Such a perfect film for the upcoming Mothers Day weekend. Even if you are not a mom or (let’s not forget) single father, there is something to learn from this film because you may have a mom or single father in your circle of friends or family. Never before has a film stripped away all the magic of motherhood at the time when your kids are little. No frivolous, ostentatious gender reveal parties, gym moms-to-be, or ridiculously lavish baby showers for this mom. Why? Because those are events and experiences typically found on Pinterest, in the movies, or reserved for upperclass society that is hasn’t a clue what it’s like to be a struggling mother balancing her full-time career and being a full-time mom. Tully tells it like it is for so many, and why it is such an outstanding motion picture.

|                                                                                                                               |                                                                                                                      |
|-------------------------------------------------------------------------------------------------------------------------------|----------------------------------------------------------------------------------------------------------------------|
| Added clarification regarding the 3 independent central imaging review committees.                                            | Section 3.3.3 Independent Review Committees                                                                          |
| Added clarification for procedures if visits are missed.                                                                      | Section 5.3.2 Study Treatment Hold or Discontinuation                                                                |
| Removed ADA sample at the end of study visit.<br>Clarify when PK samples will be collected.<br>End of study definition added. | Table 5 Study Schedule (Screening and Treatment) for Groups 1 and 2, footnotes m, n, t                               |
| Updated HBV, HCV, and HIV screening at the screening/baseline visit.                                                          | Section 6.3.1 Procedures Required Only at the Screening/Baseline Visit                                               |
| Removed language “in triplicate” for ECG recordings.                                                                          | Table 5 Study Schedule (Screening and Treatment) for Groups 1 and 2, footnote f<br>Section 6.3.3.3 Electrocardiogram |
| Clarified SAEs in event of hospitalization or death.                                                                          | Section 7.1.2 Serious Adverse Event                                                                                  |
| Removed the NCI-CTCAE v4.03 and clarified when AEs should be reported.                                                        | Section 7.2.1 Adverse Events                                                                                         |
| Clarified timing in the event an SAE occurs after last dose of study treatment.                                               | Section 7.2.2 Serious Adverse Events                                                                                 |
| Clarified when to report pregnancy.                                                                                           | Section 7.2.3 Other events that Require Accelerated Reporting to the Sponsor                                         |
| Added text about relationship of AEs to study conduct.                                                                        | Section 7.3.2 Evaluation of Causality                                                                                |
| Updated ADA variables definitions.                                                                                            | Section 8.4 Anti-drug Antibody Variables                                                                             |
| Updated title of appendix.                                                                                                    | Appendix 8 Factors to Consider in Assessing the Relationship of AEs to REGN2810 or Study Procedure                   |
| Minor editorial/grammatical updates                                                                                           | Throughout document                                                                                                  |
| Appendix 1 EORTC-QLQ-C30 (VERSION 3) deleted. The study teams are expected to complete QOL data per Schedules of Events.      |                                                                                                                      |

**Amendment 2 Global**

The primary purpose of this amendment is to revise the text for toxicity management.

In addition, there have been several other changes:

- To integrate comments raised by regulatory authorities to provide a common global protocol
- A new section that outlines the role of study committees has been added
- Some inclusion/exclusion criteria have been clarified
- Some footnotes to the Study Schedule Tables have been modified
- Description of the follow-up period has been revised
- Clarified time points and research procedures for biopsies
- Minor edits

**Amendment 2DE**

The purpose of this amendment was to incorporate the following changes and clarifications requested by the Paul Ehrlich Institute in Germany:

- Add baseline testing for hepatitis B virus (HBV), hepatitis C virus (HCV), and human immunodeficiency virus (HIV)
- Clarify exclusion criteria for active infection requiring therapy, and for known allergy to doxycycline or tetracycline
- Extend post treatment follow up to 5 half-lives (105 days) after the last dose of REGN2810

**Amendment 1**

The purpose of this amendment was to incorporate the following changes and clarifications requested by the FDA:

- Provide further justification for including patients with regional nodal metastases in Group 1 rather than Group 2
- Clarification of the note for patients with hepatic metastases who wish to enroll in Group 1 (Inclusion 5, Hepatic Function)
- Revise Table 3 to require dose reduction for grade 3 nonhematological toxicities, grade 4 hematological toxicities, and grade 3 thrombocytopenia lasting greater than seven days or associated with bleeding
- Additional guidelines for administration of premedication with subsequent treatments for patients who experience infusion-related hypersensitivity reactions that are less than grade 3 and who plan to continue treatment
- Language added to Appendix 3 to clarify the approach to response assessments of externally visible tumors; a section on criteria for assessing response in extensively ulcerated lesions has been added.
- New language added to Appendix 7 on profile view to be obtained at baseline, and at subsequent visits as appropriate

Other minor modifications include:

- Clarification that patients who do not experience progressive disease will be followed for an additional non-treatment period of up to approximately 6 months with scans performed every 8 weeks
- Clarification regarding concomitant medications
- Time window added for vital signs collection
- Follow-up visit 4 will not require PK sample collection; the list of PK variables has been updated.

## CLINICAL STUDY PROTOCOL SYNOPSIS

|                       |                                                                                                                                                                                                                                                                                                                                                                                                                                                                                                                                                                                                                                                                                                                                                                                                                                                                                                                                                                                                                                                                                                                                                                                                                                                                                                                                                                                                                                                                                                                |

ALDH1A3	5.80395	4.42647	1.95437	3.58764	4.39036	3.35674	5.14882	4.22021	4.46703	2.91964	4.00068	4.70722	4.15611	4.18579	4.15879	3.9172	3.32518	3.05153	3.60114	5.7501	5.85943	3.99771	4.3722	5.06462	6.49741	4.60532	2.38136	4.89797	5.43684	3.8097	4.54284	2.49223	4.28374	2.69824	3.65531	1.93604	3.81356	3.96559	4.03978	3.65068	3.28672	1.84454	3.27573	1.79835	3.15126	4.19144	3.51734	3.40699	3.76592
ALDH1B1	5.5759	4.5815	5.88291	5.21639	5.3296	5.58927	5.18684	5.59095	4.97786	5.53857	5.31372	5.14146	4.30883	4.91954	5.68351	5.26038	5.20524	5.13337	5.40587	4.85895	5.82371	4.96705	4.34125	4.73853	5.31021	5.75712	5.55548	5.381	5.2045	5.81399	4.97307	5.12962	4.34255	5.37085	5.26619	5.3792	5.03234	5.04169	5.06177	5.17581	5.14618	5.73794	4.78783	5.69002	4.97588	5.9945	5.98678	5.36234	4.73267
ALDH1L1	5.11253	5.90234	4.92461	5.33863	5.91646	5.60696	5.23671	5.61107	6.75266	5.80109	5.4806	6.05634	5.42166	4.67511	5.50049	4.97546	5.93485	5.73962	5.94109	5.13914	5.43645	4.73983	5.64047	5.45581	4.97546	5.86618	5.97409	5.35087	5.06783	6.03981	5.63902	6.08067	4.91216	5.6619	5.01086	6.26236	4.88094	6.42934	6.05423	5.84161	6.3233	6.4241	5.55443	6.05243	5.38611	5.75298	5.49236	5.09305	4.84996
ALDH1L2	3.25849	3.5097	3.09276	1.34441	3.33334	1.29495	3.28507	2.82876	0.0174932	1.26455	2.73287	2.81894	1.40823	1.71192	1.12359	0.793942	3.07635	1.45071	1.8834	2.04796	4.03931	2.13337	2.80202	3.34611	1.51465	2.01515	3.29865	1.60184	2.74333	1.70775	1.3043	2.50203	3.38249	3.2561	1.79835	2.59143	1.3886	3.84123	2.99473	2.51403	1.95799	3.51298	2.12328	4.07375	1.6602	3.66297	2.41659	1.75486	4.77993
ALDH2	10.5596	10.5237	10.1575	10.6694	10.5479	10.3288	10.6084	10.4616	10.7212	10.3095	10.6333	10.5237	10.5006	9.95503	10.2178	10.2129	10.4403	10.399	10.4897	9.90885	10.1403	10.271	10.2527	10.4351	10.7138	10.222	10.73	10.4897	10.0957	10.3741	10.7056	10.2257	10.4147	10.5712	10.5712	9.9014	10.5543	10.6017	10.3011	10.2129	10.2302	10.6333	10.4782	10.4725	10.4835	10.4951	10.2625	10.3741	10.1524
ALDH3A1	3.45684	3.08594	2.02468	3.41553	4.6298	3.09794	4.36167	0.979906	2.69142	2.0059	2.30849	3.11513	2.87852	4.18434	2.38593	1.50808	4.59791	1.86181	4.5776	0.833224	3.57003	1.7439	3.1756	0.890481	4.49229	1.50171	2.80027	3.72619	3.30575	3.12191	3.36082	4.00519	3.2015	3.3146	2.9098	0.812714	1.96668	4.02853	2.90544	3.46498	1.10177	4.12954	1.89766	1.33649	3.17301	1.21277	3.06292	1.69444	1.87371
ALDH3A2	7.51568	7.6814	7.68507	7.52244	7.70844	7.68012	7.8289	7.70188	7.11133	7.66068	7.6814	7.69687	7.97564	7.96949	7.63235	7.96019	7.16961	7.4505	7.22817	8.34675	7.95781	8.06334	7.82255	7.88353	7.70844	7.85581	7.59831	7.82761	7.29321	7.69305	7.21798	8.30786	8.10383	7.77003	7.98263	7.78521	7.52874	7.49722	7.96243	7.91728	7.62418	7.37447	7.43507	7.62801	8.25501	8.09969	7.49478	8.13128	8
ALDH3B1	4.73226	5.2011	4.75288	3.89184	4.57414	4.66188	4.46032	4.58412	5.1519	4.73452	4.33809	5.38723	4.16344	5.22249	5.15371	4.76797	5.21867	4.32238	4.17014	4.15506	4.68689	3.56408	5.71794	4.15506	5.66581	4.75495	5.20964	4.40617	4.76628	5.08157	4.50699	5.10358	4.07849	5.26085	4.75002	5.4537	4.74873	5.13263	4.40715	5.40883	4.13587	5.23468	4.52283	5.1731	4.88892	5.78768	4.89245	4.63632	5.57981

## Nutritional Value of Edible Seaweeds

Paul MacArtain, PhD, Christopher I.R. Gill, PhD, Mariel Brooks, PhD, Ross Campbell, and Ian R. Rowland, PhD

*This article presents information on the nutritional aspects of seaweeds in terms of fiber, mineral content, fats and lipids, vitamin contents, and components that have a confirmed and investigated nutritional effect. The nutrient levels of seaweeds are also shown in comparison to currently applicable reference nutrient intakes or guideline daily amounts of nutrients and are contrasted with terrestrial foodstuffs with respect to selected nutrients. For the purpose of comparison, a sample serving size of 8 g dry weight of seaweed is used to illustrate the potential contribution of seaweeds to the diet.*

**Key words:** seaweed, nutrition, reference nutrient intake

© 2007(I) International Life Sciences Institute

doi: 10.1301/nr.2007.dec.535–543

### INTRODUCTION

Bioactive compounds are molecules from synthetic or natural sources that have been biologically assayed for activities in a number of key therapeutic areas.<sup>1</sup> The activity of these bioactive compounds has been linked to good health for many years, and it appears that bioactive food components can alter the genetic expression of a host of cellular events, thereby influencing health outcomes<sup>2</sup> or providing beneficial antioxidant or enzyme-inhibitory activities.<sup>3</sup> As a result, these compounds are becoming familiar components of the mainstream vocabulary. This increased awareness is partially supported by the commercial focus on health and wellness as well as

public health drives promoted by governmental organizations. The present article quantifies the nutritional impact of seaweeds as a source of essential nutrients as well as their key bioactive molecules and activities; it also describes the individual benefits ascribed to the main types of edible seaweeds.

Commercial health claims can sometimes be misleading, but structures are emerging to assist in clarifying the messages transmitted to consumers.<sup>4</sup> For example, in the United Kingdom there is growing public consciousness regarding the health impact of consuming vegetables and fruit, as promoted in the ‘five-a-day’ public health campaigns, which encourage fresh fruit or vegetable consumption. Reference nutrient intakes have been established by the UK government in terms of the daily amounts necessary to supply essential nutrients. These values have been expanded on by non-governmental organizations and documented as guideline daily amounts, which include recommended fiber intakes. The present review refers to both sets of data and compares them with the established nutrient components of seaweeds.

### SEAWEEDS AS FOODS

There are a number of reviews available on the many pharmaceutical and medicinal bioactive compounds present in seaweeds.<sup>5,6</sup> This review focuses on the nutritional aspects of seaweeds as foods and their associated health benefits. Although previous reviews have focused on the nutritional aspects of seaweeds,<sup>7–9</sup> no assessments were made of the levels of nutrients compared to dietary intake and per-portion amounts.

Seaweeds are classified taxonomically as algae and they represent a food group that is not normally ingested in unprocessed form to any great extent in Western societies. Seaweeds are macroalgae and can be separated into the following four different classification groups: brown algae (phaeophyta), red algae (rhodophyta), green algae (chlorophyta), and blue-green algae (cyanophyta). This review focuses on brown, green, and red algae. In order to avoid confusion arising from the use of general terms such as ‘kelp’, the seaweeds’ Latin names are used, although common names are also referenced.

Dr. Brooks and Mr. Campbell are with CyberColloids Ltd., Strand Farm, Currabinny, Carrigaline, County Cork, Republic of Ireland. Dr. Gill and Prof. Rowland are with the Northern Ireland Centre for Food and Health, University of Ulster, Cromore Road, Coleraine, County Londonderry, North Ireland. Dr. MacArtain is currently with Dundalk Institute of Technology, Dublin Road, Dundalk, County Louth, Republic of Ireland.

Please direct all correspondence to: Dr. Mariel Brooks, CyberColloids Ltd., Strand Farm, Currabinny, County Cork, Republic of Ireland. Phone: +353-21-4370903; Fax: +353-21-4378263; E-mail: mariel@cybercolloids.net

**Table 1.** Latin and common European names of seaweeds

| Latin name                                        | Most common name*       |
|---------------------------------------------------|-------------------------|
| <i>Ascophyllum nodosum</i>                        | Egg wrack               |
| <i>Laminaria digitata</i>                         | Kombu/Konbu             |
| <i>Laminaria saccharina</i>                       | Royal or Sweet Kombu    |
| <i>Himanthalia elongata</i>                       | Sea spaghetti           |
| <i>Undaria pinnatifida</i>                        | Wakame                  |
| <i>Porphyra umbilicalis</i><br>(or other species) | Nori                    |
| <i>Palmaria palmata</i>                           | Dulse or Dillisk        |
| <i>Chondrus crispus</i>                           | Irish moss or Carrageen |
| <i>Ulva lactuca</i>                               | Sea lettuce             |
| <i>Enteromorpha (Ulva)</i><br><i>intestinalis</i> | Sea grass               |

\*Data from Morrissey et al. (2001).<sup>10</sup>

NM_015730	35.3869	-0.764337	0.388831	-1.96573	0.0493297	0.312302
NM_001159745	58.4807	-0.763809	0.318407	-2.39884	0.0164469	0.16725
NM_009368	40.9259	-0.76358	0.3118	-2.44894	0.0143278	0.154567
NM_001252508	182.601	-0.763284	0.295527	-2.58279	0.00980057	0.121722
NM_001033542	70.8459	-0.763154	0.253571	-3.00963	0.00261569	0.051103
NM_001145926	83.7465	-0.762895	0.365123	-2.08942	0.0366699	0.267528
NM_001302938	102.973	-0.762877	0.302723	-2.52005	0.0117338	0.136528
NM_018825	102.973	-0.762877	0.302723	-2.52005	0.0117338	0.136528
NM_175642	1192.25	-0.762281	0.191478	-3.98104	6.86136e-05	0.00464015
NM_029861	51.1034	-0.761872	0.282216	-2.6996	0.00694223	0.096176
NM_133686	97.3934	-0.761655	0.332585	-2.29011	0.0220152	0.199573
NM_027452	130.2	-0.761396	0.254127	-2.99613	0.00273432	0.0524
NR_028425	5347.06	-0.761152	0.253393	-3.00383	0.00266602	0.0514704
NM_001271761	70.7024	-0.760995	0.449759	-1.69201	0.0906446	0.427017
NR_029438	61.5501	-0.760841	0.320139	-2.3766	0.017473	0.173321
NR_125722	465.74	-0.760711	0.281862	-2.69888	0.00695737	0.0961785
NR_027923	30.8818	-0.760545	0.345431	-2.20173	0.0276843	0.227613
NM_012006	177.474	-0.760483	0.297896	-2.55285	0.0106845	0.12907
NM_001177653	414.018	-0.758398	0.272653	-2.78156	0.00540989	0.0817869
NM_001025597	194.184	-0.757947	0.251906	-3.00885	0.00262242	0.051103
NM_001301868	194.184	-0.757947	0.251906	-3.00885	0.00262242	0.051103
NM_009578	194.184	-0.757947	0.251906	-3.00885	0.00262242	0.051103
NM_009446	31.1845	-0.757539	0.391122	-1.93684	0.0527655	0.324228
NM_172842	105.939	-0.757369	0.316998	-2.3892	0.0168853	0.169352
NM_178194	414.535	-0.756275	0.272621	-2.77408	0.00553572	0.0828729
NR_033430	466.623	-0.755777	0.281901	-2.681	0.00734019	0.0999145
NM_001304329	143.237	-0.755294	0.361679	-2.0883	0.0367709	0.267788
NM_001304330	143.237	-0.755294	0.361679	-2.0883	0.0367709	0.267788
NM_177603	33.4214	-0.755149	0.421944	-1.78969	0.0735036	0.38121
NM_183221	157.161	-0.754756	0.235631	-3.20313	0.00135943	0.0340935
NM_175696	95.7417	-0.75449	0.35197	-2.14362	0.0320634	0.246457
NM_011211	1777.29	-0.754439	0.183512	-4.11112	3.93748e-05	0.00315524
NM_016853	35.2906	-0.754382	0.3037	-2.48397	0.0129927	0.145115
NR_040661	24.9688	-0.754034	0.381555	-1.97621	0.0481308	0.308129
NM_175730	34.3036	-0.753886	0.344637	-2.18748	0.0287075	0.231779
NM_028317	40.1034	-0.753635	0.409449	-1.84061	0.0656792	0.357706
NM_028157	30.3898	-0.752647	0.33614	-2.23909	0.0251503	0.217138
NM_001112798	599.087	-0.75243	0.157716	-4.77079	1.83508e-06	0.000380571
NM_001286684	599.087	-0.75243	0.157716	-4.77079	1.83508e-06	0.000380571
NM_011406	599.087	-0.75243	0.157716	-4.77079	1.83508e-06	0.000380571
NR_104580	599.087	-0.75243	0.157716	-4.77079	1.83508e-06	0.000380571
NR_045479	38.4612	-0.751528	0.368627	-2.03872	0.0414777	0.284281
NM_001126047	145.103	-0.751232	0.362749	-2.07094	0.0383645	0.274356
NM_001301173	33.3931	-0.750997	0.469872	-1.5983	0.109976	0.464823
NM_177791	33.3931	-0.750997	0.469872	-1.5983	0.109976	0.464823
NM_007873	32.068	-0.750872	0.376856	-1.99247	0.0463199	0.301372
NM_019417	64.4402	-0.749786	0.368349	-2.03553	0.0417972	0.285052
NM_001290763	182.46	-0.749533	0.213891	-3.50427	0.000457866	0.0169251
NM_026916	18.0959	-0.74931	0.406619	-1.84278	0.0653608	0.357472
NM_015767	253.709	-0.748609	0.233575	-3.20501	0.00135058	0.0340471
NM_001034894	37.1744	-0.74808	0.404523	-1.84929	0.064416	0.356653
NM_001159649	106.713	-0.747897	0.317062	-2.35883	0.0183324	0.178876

Ryan is a screenwriting professor at the University of Tampa. If you like this article, check out the others and FOLLOW this blog!